French Crypto Broker Bitit Shuts DownApril 15, 2021
When the crypto industry is running bullish with a record in Bitcoin prices, French digital asset brokerage Bitit is shutting its operations due to regulatory difficulties and cut-throat competition.
According to a notice on Bitit’s website, the company will disable its crypto buying and selling functions from April 15 and will halt all withdrawals on April 30, marking an end of the services.
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Bitit was founded in 2015 and was offering instant cryptocurrency purchasing facilities using fiats. The platform was non-custodial, meaning users had to transfer the digital assets to their own wallets instantly, unlike major crypto players like Coinbase, Binance, and others.
The Wrath of Regulation and Competition
Though many factors were responsible to push the startup towards closing, Bitit co-founder and CEO Nicolas Katan told The Block that it was France’s regulations on crypto companies that made most of the dent.
The company could not receive the status of a virtual asset service provider (VASP) from the French regulator before the set deadline of December 18, 2020. Though the AMF allowed the company to operate, it did not permit the startup to onboarding new clients.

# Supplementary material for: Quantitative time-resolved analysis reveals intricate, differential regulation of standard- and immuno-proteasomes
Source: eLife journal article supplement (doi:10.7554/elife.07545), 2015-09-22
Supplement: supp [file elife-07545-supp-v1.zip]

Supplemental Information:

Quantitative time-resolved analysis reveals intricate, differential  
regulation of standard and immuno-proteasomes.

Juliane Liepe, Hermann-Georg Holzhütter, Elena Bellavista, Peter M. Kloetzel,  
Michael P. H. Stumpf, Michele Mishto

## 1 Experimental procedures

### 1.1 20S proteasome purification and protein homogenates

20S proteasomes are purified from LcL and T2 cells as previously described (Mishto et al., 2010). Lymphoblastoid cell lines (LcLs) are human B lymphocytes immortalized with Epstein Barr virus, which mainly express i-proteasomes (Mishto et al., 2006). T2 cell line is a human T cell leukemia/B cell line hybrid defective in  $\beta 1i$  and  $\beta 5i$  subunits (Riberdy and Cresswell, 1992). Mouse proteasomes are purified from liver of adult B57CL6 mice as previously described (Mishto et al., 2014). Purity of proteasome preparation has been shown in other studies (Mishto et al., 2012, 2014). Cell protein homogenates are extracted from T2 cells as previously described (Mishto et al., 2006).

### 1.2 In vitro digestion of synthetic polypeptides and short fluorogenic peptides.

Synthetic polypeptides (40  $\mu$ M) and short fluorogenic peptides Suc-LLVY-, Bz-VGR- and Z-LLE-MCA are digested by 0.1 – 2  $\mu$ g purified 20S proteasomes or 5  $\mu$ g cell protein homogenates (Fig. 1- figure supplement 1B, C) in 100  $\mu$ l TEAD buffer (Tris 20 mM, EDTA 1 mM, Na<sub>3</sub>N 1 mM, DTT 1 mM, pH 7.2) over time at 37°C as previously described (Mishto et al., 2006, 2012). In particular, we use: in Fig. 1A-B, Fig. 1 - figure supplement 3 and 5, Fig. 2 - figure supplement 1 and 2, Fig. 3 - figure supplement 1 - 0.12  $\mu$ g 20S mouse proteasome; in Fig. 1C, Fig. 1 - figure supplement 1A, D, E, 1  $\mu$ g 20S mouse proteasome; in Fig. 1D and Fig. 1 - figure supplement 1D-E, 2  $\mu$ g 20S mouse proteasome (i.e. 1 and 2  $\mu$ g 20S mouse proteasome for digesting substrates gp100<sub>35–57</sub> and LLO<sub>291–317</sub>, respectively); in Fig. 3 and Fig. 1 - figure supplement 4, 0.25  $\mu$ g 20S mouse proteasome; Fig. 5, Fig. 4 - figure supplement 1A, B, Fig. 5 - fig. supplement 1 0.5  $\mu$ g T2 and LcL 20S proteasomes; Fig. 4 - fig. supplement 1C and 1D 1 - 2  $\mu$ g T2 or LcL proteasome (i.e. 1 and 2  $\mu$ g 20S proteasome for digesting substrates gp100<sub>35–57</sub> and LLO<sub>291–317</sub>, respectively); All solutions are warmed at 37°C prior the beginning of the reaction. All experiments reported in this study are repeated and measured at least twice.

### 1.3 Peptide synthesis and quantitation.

Katan revealed that the platform receives 90 percent of its volumes from new clients, and such regulatory decisions had crippled its business.
“That killed us,” Katan told the crypto-focused publication.
But the regulatory decision was the last blow on the already struggling crypto startup. Bitit, which used to handle most of the transactions using credit cards, lost its credit card acquirer last September. According to the CEO, that heavily impacted the business of Bitit.
Though the startup could have pursued to become a VSAP, it did not have enough resources to continue, and the uncertainty of the crypto industry with heavy competition made the situation worse.
“If we get a VASP registration, then we will need to wait at least six to eight months to recover trading volumes. But we are not sure of that because we have lost all of our competitiveness. It’s really catastrophic,” Katan said.
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